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The Demise of myRA

This week the Treasury Department has announced that it is shutting down the myRA program, the lame and perhaps even insidious retirement savings program begun by the Obama administration in 2014.

Announced during President Obama’s 2014 State of the Union address, myRA accounts were supposed to help low- to middle-income workers save more for retirement. The accounts were tax-free and required only a $25 minimum to open an account.

Sounds great, right? So why did we call it “lame” and “perhaps even insidious”?

It was lame because it really wasn’t at all novel. As we wrote at the time: “The problem with inadequate retirement savings has little to do with a lack of options. Right now, anyone who doesn’t qualify for a 401(k) or 403(b) can open an IRA account, can start with as little as $25, and can invest in safe, guaranteed instruments if that’s what they want. It’s not clear how the president’s proposal would improve on that.”

In fact, existing alternatives to the myRA were superior because they allowed workers to invest in a variety of securities, while the myRA restricted investments to U.S. treasuries. And treasuries are lousy retirement investments.

So, if the myRA didn’t really create an exciting new retirement savings vehicle, why did the Obama administration even bother? That brings us to the “perhaps even insidious” part.

Our antennae are becoming very sensitive to attempts by the federal government to deal with its debt. We don’t believe the federal government is a benign actor, and we don’t believe it always has the best interests of the American people as its central concern. We also suspect that there are forces within the federal government that leer greedily at the over $25 trillion in Americans’ retirement savings.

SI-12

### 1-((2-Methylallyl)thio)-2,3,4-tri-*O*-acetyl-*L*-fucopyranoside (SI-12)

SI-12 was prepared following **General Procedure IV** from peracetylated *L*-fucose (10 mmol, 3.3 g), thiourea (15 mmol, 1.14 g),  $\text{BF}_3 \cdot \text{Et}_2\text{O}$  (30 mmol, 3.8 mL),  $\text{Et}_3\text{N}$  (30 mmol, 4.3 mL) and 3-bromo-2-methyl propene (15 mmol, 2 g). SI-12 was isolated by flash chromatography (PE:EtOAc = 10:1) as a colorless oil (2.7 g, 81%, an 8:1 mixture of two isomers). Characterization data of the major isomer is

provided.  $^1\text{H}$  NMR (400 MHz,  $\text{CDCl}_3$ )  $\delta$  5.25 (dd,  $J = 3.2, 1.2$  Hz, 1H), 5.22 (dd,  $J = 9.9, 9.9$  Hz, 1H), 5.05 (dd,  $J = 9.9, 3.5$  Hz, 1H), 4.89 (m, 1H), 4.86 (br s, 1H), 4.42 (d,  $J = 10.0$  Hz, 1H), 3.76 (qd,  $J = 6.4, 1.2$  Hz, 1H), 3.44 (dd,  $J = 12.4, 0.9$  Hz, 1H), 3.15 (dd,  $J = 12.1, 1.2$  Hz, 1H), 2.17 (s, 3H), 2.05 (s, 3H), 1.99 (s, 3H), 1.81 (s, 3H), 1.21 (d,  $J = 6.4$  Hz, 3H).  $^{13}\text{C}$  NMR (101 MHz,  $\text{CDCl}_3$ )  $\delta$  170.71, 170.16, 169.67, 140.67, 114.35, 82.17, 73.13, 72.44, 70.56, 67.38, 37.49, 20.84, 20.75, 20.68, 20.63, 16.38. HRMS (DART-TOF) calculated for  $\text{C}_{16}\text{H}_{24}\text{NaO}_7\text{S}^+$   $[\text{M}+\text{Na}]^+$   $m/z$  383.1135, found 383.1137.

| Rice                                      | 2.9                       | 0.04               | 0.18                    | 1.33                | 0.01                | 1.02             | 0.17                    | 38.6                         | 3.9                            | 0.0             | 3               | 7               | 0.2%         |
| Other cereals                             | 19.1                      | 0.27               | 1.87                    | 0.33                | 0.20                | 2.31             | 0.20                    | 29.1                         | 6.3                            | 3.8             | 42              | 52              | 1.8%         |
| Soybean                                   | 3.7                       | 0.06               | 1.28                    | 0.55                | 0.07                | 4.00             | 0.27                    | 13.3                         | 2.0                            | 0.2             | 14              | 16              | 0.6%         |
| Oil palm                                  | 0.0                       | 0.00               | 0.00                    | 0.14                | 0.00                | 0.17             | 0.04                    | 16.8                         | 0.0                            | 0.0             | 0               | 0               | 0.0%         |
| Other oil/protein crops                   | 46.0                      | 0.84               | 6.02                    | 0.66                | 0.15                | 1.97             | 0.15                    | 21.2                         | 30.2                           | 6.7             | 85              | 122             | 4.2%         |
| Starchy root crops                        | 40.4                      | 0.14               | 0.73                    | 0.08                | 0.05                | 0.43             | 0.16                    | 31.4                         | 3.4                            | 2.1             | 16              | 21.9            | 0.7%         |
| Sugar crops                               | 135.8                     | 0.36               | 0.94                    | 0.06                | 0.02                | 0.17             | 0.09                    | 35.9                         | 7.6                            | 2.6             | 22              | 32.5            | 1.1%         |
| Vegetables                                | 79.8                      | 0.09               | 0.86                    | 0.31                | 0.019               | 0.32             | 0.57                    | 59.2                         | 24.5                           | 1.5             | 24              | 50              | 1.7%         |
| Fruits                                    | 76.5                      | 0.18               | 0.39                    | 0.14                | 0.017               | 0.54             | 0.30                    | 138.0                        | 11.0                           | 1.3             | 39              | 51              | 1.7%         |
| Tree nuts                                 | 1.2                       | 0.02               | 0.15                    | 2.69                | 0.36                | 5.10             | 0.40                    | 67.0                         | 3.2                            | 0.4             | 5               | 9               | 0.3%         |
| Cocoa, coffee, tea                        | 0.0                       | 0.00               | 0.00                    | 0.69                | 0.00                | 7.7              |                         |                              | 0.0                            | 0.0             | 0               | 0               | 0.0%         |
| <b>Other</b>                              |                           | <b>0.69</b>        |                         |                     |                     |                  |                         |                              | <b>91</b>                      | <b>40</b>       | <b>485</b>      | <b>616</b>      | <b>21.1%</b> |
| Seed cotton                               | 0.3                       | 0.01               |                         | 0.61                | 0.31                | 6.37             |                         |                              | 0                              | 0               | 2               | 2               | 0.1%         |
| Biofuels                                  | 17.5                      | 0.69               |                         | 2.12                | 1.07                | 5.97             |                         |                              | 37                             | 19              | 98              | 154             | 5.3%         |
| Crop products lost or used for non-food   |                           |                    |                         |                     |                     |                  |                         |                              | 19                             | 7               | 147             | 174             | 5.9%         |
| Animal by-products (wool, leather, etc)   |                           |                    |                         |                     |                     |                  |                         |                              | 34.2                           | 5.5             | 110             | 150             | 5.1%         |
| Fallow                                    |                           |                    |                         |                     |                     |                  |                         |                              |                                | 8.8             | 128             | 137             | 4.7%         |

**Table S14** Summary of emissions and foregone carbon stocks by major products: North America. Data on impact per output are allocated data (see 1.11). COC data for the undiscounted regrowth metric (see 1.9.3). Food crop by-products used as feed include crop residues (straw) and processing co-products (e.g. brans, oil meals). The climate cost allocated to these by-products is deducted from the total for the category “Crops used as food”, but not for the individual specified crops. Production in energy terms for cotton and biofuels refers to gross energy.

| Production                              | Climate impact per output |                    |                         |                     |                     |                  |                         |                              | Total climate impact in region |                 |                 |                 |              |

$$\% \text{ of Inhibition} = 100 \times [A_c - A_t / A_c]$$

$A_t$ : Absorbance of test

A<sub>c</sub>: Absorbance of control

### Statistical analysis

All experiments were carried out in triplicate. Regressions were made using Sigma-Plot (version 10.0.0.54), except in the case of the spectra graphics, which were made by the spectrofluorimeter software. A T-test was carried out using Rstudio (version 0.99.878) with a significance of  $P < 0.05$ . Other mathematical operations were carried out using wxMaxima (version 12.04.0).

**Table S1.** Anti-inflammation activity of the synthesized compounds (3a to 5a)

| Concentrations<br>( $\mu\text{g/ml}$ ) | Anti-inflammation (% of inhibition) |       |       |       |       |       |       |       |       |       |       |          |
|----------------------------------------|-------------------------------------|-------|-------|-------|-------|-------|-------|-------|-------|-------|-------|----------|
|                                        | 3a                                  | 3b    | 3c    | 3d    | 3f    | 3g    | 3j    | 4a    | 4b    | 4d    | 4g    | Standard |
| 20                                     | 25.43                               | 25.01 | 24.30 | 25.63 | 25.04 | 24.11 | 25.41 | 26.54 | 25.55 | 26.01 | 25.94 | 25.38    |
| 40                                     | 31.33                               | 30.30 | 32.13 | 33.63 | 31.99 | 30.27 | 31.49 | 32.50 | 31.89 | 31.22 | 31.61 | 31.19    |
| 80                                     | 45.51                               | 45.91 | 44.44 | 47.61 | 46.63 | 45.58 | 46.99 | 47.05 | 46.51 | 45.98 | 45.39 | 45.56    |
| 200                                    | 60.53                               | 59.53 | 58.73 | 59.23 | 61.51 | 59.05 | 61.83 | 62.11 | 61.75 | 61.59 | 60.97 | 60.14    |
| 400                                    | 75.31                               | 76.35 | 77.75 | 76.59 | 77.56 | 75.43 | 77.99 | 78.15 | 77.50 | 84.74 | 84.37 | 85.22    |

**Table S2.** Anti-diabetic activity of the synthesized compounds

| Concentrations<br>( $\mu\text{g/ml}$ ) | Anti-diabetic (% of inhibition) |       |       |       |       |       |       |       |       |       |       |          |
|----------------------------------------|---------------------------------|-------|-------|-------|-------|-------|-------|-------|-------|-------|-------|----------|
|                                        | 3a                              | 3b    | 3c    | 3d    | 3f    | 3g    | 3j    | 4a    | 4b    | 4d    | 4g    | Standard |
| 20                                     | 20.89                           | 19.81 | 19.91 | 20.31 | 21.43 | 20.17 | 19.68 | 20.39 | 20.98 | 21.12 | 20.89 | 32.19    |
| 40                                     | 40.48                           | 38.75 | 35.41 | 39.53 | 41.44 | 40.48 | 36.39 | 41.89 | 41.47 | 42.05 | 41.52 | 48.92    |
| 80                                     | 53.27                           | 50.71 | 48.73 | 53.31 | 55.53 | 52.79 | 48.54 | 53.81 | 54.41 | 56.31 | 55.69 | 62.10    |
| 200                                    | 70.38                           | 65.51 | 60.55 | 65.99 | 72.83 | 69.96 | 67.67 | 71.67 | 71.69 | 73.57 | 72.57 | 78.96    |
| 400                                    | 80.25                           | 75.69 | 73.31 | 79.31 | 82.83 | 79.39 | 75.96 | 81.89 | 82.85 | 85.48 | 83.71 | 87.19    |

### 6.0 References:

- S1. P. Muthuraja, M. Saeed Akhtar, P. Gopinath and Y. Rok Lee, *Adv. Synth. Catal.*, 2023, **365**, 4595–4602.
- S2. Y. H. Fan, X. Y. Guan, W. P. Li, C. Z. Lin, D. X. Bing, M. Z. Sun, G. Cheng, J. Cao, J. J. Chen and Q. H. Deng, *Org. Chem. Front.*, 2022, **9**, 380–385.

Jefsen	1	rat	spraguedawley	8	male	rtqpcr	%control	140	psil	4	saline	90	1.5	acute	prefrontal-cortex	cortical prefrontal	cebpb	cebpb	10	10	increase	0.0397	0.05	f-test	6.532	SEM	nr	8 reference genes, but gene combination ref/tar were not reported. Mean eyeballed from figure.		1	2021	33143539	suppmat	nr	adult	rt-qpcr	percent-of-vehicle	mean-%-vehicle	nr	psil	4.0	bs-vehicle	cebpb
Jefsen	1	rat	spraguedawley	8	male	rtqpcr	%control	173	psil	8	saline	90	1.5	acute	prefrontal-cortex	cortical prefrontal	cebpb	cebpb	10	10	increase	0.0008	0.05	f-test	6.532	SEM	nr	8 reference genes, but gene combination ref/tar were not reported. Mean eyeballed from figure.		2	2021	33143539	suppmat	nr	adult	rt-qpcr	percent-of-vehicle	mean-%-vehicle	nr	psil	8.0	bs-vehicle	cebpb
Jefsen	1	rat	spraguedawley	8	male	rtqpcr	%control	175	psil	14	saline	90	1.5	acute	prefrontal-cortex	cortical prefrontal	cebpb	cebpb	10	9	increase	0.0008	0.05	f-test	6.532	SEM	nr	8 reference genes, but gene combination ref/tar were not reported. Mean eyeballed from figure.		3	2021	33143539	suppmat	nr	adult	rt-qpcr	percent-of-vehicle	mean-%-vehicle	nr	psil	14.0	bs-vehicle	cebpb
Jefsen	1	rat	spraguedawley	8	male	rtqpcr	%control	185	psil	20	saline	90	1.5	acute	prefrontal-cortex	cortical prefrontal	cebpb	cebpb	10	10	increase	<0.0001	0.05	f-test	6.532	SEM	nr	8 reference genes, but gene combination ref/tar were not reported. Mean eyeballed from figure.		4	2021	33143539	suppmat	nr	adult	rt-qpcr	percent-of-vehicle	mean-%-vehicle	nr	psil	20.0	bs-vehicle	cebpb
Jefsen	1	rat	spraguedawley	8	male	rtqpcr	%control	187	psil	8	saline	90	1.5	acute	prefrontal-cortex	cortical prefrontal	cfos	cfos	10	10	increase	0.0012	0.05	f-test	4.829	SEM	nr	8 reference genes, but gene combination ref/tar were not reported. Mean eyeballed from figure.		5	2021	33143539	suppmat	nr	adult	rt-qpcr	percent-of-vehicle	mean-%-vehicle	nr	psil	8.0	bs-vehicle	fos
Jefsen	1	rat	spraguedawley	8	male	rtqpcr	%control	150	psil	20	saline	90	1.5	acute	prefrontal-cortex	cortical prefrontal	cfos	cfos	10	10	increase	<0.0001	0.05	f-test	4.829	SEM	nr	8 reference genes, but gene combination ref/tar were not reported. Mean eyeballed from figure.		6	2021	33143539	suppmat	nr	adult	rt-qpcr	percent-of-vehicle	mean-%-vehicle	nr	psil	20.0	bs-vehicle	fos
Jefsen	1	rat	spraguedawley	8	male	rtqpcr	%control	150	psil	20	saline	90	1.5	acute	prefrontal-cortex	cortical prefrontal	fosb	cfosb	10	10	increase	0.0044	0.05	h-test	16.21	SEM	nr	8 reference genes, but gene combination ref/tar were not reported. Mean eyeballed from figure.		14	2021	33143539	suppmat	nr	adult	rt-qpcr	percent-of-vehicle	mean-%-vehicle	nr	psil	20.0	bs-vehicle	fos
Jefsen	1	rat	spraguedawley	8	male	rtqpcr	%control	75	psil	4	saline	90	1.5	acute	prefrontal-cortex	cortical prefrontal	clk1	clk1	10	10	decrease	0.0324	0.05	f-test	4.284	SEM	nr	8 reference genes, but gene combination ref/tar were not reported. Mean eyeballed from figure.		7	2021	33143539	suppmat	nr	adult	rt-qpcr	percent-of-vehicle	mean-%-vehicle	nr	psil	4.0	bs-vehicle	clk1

So we’re skeptical of existing new federal programs that encourage or force Americans to invest in federal debt, and that’s why we saw the myRA as “a way to pawn off new federal debt onto the least sophisticated workers and savers.” We said, “the myRA relies on savers too naïve to open an IRA financing the federal government’s deficit spending.”

With the myRA, Treasury thought it had found a way to finance federal debt without the embarrassment of declining foreign interest in our public debt markets. If China no longer wanted to buy America's debt, Treasury would “nudge” working Americans into buying federal debt disguised as retirement savings.

So, goodbye myRA. But it won’t be the last time the federal government attempts to lure the American people into bailing out Washington’s unrestrained spending.